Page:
Thursday, February 4, 2016


Henry Boltinoff is rightfully celebrated at DC Comics for penning a veritable army of half-page gag features throughout its silver age titles. From Cap's Hobby Hints to Vic Varsity to Super-Turtle, he practically owned the inter-story pages huddled above the ads for Palisades amusement parks and Superman on TV (all of which is long-overdue for a remastered collection - the comics, that is, not the ads).

Less celebrated, however, is the work of Hi Mankin, whose scientific-themed Robbie the Robot and Professor Brainstorm strips filled half- and three-quarter-pages in Strange Adventures...

Having made a career largely on Looney Tunes strips, western comics and animation storyboarding (you'll find his name in the credits of many an original Johnny Quest episode), Mankin had reportedly begun his career with a one-day stint in the Siegel/Shuster studios. Personal conflicts left him seeking the door, which has unfortunately robbed us of his energetic cartooning having graced a full-length story of the Man of Steel.

Professor Brainstorm is a spin on the absent-minded professor gag, although his particular issue seems to revolve around his contrary nature more than his memory lapses.

As for Robbie, he emerges fully-formed from his origin story, in which a scientist builds him to take over day-to-day distractions -- like eating, sleeping, and watching TV. Basically, it's like the guy who invented Soylent, taken to an even more absurd end.

Likewise, Robbie also seemed to wander the world indulging in other quotidian tasks which his inventor couldn't be arsed to deal with, such as watching movies and attending boxing matches. And getting drunk af.

Mankin didn't leave much of a legacy at DC, but he has a plethora of crime and western comics floating around, including having produced a lengthy stint of Roy Rogers comic strips for King Features. It seems like he'd be a good pick for a nice career overview volume, in which Brainstorm and Robbie would definitely have a place ...

1 comment:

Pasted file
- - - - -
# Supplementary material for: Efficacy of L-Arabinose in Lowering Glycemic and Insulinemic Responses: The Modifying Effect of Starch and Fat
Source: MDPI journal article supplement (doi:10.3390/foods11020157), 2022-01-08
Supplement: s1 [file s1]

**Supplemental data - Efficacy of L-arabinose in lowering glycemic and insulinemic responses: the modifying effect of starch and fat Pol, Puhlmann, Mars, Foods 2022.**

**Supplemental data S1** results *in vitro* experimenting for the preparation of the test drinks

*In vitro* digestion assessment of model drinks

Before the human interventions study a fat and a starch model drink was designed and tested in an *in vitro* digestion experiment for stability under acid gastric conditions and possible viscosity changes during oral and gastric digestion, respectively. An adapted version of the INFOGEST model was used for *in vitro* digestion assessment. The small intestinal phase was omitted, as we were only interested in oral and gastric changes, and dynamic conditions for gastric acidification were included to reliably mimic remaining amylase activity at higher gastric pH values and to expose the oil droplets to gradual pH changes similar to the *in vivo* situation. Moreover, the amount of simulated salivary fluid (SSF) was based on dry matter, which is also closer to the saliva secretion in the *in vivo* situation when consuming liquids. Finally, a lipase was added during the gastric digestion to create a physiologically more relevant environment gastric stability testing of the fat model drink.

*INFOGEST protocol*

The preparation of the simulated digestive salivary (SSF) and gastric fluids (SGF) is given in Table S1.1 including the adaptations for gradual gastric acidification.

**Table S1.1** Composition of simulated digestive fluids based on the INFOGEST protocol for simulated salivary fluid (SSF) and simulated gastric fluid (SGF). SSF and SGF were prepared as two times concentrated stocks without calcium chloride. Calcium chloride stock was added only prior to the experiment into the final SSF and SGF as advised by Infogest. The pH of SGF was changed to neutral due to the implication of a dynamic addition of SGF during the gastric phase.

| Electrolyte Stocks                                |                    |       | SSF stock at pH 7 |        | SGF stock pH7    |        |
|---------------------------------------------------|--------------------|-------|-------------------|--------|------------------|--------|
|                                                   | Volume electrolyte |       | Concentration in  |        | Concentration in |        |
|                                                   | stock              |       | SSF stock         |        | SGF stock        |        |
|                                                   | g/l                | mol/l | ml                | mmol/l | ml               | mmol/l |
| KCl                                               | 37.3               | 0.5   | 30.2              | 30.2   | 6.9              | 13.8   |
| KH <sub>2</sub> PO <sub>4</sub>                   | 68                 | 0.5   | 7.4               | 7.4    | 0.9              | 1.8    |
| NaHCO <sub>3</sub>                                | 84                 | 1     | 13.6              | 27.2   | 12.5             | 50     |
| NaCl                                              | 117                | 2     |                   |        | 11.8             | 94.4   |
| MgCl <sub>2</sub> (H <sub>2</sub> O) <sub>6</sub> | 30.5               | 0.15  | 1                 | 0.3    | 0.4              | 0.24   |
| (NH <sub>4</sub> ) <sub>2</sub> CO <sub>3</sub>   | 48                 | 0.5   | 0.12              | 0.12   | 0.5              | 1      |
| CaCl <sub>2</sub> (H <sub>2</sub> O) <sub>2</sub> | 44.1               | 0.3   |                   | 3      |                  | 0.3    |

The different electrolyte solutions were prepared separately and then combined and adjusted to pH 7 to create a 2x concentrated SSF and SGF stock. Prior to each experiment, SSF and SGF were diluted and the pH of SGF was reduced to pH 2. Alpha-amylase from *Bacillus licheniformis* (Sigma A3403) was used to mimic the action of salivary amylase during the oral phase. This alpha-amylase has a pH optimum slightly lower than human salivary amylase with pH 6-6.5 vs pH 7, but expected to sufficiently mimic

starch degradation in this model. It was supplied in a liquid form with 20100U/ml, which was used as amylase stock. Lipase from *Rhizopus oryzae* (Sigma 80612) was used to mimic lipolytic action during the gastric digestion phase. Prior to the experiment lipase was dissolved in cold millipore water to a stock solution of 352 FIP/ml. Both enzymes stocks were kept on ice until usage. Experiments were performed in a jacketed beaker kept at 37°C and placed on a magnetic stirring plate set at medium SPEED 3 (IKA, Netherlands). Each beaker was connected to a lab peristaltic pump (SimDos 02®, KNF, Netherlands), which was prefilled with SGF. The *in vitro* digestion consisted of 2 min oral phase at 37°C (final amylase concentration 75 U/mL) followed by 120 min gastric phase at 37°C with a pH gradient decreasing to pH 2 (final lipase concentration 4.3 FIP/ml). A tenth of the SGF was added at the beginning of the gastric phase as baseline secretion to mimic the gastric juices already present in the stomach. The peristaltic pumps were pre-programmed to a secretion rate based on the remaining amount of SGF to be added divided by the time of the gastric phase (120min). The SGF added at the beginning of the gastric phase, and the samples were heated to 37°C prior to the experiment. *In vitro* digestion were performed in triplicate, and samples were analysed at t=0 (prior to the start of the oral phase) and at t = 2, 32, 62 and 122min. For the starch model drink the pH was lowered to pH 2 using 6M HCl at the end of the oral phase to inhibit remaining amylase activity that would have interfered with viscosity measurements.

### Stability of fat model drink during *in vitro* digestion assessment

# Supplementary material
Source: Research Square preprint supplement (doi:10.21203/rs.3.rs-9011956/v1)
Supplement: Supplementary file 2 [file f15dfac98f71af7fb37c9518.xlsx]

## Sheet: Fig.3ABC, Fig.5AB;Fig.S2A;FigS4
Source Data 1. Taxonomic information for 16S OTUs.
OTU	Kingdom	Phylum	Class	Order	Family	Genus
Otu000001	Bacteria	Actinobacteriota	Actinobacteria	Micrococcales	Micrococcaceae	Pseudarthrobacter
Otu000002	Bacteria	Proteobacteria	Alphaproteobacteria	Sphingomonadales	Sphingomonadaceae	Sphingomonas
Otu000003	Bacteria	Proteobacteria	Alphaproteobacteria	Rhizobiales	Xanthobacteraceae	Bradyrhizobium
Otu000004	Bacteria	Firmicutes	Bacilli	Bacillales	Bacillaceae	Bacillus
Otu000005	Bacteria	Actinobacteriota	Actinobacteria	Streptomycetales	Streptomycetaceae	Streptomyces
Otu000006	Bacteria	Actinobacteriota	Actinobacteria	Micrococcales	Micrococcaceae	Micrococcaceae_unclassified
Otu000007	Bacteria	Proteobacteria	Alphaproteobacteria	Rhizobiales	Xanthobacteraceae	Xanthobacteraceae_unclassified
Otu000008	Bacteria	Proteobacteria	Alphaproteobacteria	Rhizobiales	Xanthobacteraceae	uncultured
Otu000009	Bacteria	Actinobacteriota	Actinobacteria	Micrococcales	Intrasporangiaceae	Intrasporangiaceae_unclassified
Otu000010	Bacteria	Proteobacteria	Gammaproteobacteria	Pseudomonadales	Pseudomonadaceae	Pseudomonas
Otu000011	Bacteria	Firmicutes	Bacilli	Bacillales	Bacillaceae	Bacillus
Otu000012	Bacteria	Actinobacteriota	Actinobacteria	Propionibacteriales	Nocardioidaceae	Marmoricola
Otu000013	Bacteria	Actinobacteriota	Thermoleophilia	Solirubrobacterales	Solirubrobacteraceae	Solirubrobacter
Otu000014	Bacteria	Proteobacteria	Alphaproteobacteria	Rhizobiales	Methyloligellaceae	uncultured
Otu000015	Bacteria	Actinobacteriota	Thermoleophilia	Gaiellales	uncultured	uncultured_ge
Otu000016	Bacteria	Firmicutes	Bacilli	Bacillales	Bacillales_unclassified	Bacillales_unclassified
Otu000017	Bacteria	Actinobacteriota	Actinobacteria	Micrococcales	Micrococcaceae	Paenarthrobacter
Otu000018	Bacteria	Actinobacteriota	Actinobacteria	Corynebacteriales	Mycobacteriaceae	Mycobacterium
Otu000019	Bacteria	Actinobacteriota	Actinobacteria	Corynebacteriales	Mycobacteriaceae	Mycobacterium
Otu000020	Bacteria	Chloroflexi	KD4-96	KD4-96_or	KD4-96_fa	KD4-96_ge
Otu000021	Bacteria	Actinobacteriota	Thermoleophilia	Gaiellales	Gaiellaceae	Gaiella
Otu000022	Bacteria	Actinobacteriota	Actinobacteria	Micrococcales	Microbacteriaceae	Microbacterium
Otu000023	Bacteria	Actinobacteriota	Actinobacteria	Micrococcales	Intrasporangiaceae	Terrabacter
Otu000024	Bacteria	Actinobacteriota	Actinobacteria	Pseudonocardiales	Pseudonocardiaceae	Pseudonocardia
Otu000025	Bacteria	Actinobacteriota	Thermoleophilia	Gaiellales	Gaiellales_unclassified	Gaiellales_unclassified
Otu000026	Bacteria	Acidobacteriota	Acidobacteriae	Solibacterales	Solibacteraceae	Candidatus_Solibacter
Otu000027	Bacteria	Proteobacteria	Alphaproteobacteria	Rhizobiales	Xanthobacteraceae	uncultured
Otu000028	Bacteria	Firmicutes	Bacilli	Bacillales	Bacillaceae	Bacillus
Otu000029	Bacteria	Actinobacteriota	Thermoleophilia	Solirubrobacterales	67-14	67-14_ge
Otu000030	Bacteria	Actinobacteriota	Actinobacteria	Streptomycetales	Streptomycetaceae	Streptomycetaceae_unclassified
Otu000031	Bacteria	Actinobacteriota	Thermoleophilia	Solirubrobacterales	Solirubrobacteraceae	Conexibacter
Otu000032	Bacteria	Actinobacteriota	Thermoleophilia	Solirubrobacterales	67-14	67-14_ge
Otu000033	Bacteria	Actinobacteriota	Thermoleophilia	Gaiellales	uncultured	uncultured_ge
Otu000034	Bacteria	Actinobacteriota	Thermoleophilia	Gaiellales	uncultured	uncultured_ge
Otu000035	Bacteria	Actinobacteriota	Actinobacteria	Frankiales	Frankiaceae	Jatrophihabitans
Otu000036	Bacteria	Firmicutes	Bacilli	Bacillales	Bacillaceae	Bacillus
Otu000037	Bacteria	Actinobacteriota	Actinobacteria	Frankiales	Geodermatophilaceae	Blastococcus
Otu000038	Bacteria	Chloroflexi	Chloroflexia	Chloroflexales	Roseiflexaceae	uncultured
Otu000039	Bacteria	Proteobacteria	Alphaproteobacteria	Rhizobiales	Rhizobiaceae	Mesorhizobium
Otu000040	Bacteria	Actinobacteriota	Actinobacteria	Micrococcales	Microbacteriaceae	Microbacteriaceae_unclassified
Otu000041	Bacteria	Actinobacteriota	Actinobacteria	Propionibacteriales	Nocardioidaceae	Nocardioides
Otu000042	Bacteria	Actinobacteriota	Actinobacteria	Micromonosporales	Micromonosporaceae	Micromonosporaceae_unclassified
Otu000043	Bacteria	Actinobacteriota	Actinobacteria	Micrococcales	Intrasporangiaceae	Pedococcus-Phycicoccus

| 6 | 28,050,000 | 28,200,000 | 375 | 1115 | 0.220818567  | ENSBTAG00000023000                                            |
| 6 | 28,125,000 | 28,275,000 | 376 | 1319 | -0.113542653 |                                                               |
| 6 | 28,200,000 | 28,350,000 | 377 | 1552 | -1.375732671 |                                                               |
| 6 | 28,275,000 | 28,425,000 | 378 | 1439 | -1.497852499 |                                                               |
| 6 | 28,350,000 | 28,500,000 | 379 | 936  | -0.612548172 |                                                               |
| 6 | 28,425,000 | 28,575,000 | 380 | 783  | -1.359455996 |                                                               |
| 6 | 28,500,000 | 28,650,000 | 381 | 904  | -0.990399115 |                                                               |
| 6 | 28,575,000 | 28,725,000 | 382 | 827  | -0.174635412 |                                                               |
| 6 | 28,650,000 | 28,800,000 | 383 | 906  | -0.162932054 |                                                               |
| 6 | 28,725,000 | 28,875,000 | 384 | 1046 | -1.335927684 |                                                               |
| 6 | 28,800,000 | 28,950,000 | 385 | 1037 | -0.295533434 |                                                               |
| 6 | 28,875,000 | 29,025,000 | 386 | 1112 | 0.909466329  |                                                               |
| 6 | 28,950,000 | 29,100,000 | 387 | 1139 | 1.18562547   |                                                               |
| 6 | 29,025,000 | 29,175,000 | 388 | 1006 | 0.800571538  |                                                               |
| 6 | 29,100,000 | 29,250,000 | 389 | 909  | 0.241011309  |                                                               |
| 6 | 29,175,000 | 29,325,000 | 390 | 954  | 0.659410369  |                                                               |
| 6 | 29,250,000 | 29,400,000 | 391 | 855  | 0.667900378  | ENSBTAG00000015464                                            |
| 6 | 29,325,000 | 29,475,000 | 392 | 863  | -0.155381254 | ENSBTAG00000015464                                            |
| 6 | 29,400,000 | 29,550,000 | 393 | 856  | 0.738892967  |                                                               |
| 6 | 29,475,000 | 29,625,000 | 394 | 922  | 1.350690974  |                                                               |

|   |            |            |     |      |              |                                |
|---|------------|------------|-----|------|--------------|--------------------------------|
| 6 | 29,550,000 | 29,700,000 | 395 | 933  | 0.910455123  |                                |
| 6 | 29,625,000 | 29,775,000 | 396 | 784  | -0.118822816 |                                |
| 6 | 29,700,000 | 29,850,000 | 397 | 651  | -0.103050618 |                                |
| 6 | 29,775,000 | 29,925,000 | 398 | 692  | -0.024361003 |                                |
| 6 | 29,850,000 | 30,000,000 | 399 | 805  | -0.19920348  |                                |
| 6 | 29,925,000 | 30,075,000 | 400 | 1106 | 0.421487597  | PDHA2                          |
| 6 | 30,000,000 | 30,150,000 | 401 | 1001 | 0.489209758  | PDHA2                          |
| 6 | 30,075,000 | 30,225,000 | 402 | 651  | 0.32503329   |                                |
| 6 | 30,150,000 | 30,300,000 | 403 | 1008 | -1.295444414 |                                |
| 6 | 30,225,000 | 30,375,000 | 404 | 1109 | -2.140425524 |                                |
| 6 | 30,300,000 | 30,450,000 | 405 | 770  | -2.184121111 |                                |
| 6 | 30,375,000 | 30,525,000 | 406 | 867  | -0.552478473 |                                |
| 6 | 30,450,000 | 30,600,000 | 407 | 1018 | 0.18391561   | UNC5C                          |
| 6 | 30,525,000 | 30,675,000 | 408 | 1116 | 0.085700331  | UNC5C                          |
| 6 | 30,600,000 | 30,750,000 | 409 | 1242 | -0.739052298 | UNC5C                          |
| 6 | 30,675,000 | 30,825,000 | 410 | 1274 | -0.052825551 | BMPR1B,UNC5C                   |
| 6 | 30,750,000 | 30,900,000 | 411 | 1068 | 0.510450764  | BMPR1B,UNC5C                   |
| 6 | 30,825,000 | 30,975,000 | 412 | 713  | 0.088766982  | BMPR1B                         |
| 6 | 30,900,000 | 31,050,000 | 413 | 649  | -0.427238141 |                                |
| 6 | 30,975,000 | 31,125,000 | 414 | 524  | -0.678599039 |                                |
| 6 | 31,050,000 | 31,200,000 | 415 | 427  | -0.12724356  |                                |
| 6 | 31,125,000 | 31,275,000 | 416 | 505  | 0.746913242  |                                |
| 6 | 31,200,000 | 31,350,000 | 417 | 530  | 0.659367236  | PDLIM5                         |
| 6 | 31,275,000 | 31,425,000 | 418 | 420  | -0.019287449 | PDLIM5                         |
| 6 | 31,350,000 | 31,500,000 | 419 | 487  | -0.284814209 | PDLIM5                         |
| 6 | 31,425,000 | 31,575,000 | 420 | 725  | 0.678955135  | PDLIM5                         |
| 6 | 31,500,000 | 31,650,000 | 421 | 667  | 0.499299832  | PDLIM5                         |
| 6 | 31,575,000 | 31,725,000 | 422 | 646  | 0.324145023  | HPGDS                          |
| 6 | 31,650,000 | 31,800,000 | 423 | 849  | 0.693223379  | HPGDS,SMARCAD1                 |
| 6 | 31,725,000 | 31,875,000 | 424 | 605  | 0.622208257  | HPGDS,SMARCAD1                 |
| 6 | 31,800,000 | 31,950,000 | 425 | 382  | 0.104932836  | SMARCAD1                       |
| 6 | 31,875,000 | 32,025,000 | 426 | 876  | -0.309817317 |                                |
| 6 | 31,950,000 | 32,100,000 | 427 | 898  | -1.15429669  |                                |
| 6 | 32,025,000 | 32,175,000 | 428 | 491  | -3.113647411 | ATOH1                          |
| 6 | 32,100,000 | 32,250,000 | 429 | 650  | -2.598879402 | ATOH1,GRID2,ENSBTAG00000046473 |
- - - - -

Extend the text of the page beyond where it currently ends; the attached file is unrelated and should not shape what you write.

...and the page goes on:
Count Otto Black said...

Presumably this chap is no relation to beloved British children's literary character Professor Branestawm? The latter fellow was an absent-minded but benign mad scientist who, with the "help" of his best friend, the brave but somewhat trigger-happy Colonel Dedshott (presumably no relation to that guy in the Suicide Squad), tried to improve many aspects of life, with sadly limited success because he was too clever for his own good, and his amazing inventions tended to get out of hand and develop a life of their own.

His wonderful discoveries included that most logical of DIY supplies, the paint-on carpet, which didn't know when to stop growing and threatened to turn Britain into a wooly jungle (in which Colonel Dedshott went hunting for "carpet tigers" on the off-chance that there were any), literally unheard-of musical instruments that staged a very noisy robots' rebellion, and a time-machine which, though less impressive than the above fellow's model with the million-year range (which is 64 million years short of the actual Age Of The Dinosaurs, but never mind), did send him back far enough to become entangled in a time-paradox caused by the fact that there were now two of him.

I submit that we British had a far superior Professor Brainstorm (whichever way you spell it), whose adventures, which appeared in several short story collections, were much more original, much funnier, and, although he was a prose rather than a comic-book character, much better illustrated, especially in the first book, where the numerous excellent drawings were provided by Heath Robinson, the British Rube Goldberg. And by the way, Professor Branestawm may be gone, but apparently he's not forgotten, since he recently got his own extremely belated movie. Which just goes to show why you Yankee Doodles may have thought of the atom bomb first, but we were the first (and almost certainly last) country to have a bomb that bounced!

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